High Flying History of Sanford Regional Airport
Unassuming little Sanford Regional Airport sits quietly between the roads from Sanford, Alfred, Kennebunk, Wells and North Berwick. From its understated appearance one would never guess at the history it has seen, in times of war and peace.
Sanford Town Engineer, Earnest Gallant, oversaw initial construction of the runways in 1930 on land owned by Lela H. Goodall Thomurg. One of the local leaders of the project, Dr. S. H. Cobb, traveled to Portsmouth, N.H. on July 3, 1930 expressly so that he might catch a plane there and return as the first passenger to land at Sanford Airport.
A reception party, including Mayor F. W. Hartford, Frank W. Randall and Major A. Leon Smith, greeted Dr. Cobb as he climbed out of his pilot’s plane. Later that same day Army fliers arrived to look over the facilities. They were already planning to use the airfield during the New Hampshire National Guard annual encampment.
William Campbell, President of the Goodall Worsted Company, founded Sanford Airways in 1931. After several improvement were made during the 1930s and early 1940s, funded primarily by New Deal agencies, the Sanford Airport was leased to the Navy in 1942. By then it boasted three lighted, paved, 3,000-foot runways.
Freeland K. Smith of Kennebunkport was working at the Brunswick Naval Air base during World War II. He recalls that Sanford Airport was used by the Navy to augment the Brunswick Naval Air Station. “Route 109 had to be relocated to accommodate the Navy expansion,” said Freeland. “A hangar and maintenance buildings were built. The air strip was painted off to represent an aircraft carrier’s deck and provisions put in to install the arresting cables just like on a carrier. Of course those cables were only in place during the training,” he continued.
Mr. Smith remembers that at Brunswick and at Sanford, “British Carrier fighter pilots were trained to fly the Vought Corsair fighter plane, the hottest fighter plane capable of landing on a carrier. British pilots were brought here, assigned to a new airplane and after completing their training, returned to England with the plane.”
At a special meeting after the war, the Town of Sanford deliberated whether or not to accept the airport back from the Navy. The meeting was covered in the Portsmouth Herald. “Should the commission accept the airport which contains 300 acres of land, hangers and other buildings, the town would be responsible for its upkeep. Several Quonset huts and a few other buildings, including a mess hall, will not be included in the deal.” The town did vote to accept the airport but it was to be administered by a state Airport Commission, not the Town of Sanford.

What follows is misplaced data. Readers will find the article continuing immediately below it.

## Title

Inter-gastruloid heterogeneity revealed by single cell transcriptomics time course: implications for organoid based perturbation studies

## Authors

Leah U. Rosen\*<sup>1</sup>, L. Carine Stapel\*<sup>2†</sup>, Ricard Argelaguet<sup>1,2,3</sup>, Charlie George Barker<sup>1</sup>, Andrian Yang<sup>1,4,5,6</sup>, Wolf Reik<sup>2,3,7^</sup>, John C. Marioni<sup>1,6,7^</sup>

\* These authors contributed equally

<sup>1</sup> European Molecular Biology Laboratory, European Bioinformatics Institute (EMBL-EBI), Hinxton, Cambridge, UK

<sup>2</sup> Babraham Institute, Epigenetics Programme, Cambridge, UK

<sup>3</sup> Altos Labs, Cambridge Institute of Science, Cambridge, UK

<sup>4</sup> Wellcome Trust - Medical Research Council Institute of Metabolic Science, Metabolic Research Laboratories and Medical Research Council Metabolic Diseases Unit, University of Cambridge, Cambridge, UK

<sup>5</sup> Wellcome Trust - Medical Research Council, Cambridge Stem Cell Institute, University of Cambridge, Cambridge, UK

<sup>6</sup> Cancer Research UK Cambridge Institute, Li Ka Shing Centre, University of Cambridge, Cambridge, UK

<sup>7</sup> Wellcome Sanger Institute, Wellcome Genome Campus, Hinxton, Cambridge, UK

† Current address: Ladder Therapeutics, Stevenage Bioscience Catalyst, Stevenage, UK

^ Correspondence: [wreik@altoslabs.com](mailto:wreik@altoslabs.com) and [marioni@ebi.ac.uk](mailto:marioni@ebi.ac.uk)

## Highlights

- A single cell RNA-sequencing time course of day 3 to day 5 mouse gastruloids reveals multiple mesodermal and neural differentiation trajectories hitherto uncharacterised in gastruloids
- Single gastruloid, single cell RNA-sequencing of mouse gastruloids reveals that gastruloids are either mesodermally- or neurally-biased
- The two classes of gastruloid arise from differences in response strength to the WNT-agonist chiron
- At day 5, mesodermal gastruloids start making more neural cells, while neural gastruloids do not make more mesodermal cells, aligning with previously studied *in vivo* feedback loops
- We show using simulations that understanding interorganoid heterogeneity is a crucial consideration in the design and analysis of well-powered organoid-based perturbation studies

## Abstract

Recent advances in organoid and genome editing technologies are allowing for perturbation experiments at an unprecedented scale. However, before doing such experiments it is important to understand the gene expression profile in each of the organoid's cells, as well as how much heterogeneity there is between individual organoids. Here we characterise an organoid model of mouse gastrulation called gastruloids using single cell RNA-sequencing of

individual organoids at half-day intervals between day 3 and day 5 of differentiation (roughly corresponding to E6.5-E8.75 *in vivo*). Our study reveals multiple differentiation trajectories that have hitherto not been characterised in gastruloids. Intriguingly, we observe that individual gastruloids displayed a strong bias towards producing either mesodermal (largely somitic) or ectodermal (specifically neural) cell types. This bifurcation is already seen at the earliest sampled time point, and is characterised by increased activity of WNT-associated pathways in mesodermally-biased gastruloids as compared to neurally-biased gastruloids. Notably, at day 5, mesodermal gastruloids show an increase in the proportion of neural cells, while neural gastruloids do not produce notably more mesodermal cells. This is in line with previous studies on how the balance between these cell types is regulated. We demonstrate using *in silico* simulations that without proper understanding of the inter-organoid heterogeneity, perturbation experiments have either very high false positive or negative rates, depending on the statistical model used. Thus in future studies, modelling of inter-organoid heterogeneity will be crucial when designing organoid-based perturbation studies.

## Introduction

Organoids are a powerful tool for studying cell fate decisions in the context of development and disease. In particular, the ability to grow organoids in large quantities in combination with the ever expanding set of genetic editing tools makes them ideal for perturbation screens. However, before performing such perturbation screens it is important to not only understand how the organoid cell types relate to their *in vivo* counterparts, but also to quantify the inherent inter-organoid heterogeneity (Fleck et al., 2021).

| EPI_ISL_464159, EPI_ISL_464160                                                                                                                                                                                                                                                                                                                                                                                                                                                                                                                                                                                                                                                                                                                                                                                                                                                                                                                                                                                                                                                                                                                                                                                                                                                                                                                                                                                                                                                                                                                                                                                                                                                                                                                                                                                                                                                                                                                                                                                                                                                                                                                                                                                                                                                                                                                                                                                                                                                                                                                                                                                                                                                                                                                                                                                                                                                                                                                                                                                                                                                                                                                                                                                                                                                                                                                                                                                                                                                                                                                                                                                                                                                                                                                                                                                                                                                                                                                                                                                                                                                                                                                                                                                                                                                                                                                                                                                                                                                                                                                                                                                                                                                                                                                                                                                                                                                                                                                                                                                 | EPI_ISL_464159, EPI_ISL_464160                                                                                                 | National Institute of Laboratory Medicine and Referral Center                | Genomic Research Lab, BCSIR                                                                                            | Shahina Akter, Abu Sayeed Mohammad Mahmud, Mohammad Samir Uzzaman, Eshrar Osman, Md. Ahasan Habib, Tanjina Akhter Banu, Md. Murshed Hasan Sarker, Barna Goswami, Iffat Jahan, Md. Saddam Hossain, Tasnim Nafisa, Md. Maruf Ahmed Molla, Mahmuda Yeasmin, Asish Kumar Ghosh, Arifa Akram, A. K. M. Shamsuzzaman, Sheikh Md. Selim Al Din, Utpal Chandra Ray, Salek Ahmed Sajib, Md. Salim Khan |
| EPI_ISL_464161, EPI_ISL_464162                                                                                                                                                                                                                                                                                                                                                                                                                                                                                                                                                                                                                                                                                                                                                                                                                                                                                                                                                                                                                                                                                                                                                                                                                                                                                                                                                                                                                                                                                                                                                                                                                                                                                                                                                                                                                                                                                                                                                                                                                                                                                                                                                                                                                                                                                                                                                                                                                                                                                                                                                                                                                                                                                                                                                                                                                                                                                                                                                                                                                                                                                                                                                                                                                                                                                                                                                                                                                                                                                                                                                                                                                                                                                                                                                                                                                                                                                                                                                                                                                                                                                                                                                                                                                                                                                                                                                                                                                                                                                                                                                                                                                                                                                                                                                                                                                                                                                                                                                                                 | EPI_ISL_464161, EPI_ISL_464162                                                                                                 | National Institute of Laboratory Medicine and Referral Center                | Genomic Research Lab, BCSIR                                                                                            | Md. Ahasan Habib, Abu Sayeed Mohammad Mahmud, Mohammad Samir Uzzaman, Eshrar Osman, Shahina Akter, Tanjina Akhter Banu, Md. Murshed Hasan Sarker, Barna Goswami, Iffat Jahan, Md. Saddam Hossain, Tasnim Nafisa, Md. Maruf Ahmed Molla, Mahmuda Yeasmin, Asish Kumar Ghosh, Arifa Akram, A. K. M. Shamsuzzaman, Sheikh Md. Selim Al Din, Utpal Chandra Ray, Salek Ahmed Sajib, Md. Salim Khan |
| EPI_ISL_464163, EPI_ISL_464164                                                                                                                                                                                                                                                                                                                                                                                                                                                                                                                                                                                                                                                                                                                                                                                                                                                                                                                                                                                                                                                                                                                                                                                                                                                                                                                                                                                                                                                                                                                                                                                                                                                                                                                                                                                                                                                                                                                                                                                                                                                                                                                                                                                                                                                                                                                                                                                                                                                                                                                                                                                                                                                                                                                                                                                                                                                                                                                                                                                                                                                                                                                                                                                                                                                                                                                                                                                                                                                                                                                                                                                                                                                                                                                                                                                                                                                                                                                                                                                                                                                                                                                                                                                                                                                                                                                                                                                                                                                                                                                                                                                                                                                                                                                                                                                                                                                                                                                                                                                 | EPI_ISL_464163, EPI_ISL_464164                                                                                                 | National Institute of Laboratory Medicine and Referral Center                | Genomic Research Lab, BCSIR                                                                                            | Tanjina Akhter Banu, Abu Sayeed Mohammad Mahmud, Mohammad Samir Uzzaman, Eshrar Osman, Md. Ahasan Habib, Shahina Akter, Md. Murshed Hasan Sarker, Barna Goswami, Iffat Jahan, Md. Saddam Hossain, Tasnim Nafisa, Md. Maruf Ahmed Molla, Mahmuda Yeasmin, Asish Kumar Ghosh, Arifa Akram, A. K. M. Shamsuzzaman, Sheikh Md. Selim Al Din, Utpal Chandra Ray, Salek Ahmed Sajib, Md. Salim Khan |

During the transition, Sanford Airways owned several Cessna 140 airplanes for flight instruction and pleasure flying. On Nov. 19, 1947 two Bowdoin College students, Richard E. Eames, 21, of Winterport, and William Campbell Jr., 21, of Kennebunk, took out two of the planes. Eames was a WWII veteran and already had his license to fly. Campbell, a student flyer, was the son of the late William Campbell, president of Goodall Worsted Company until 1944.
The classmates had just taken off from Sanford Airport when they collided in mid-air. Richard Eames did not survive. Cecil Chadbourne told a reporter for the Portsmouth Herald that he heard a crash and turned toward the noise just in time to see Eames’ plane falling in pieces from the sky. It had rammed the side of Campbell’s craft leaving him with a gaping hole in the side of his plane. Campbell managed to set his disabled plane down just off the runway. He told a reporter for the Portland Press Herald that he had no idea what had caused the collision. “Eames took off first and made a turn,” Campbell said. “When I took off Eames was at 800 to 900 feet, 500 feet above me and ahead of me. He crossed ahead of me and about 300 feet above. I continued climbing and turned left. Then I saw him coming at me sideways in a bank. He was right on top of me in an instant and we collided.”
Richard Eames’ death left his parents childless. His only brother had been killed in the war in 1945.
The Navy used Sanford Airport again for a couple of years during the Korean War and Sanford Selectmen took over its administration in 1953. Colonial Aircraft Corporation moved to Sanford to manufacture amphibian planes in 1955. They chose Sanford for its airport and for its large empty woolen mill that served as the perfect inexpensive location for their factory. Colonial was acquired by Lake Aircraft Corp in 1959. A new, larger plane called the Lake Amphibian was built. Several other designs followed until 1970 when Lake Aircraft business offices were moved to Houston, Texas. The Lake factory and hanger at Sanford Airport were later sold at auction.
Sanford Regional Airport is now overseen by an Airport Advisory Committee of the Town of Sanford and a part-time airport manager. It’s the home of Southern Maine Aviation, LLC., which offers flight instruction, plane rentals and scenic aerial adventures. Only two runways remain but they adequately service celebrities, Senators and even Presidents of the United States from time to time.
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